Create urgency without foul play

by | Aug 2, 2011 | Blog | 0 comments

John Kotter wrote the book on urgency. Frank Purdue lived it.

Long before the Harvard professor emeritus wrote A Sense of Urgency, I heard the chicken merchant squawk to his staff about the need for speed.

Early on in my career before cell phones were common, I was checking voice mail at a phone bank at the Atlanta airport. I first heard the high-pitched, folksy voice. Then I noticed the well-dressed man whose head looked a bit like a chicken’s standing next to me. He started yelling into the phone something like, “You better act faster! At the speed you’re going, I’ll be dead by the time you finish!”

Frank Purdue looked perfectly healthy, just like he appeared on his TV commercials, so I figured he was practicing hyperbole. He was supposed to be a bit of a bully. The closing line of the commercials was always, “It takes a tough man to raise a tender chicken.”

That encounter made an impression on me. An upset CEO who looked like his merchandise was imposing. (I knew he probably wouldn’t bite me, but….) And, urgency was vital.

This memory came rushing back recently when one of my clients decided to send the top 85 leaders of the organization their own copy of Kotter’s A Sense of Urgency book, which is all about the first step in his eight-step change model.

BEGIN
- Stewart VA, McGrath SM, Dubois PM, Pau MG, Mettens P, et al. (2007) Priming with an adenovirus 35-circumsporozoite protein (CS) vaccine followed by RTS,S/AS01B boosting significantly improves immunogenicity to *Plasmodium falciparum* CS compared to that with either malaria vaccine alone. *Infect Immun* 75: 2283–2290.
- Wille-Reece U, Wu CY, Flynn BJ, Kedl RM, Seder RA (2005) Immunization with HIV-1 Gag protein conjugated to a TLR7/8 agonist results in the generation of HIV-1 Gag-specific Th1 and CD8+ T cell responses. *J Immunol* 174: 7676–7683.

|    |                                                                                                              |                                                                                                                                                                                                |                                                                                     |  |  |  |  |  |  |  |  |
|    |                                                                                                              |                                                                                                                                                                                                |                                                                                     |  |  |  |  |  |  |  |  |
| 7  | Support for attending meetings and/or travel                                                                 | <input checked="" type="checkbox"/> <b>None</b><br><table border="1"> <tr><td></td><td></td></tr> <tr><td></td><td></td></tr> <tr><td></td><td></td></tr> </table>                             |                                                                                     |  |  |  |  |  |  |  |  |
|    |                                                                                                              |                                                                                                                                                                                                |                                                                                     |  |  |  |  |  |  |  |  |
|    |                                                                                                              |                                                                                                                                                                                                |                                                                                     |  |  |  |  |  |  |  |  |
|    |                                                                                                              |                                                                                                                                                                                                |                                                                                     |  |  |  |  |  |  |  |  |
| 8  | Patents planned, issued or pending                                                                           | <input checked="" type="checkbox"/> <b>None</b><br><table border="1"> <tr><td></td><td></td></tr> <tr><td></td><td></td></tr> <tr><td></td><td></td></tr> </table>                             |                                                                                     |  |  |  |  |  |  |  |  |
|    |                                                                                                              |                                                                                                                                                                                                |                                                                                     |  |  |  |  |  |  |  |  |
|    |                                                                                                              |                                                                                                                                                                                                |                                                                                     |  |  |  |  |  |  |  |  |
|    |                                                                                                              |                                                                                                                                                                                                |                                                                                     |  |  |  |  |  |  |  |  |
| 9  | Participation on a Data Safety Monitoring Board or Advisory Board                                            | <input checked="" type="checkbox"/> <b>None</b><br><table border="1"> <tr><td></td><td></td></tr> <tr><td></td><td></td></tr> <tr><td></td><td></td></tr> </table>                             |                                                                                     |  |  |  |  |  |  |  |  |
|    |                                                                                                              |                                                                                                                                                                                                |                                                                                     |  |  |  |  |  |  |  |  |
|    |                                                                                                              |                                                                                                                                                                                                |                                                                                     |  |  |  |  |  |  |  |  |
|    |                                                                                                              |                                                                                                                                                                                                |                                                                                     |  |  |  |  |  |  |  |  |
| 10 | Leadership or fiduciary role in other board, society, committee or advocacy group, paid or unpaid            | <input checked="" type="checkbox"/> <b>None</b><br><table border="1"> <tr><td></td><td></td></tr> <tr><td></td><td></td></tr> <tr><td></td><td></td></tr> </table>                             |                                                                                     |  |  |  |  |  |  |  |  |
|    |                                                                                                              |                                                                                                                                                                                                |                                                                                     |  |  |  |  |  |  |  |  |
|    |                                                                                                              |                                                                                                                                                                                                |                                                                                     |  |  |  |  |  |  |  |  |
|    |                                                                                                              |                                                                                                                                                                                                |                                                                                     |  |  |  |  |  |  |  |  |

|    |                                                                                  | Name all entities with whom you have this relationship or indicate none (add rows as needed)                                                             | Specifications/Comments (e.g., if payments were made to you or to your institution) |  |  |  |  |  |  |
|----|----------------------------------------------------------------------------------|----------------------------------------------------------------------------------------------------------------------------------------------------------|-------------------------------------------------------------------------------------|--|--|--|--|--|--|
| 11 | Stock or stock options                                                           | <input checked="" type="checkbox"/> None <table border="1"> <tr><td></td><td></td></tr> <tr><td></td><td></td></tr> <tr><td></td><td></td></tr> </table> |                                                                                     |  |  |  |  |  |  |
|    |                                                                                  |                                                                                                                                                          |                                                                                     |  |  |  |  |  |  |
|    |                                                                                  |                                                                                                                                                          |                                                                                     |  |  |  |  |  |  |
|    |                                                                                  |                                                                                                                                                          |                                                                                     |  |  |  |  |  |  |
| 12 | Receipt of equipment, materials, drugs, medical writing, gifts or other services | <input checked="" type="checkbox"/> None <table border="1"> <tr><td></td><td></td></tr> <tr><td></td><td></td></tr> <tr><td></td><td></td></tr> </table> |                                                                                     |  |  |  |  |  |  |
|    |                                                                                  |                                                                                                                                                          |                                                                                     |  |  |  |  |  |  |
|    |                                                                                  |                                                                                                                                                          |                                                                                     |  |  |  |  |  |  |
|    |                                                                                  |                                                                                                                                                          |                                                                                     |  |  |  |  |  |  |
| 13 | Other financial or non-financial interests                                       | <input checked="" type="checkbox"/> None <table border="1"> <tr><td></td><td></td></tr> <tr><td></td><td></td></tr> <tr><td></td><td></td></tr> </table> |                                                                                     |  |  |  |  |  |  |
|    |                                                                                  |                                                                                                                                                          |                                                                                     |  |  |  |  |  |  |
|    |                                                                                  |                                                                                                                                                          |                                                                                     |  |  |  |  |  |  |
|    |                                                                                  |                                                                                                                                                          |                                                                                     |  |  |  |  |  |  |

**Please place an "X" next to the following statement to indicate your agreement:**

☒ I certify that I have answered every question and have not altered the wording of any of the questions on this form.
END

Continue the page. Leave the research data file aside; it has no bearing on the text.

To make the messages about urgency stick for this large-scale, transformative change initiative, we’re taking these three actions:

1. Modeling urgency. The very top executives must act in an urgent matter; they can’t just talk about it or worse yet, be complacent.

2. Measuring whether leaders feel a sense of urgency. Leaders self-report regularly through surveys. To date, the scores increase after they’ve met and talked with others about the need to change and the actions we’re taking.

3. Providing support, such as the book and the accompanying change tips I’ve prepared. We’ll also look for opportunities to help leaders and their employees listen more to customers, as well take actions inside the walls of the organization. For example, it will be critical to find and eliminate non-value add work, as well as remove other bureaucratic barriers. We also may need to help leaders deal with the NoNos, as Kotter calls them, the individuals who naysay and resist change.

These days, so many of us run around like chickens with our heads cut off. (Sorry, I couldn’t resist!). However, it’s often manic activity—or what Kotter refers to as “false urgency.” Instead, we need to work smarter as we move quickly.

Are you moving in the right direction? Not just crossing the road to get to the other side as in the old fowl chicken joke?  And do you feel and practice a sense of urgency?


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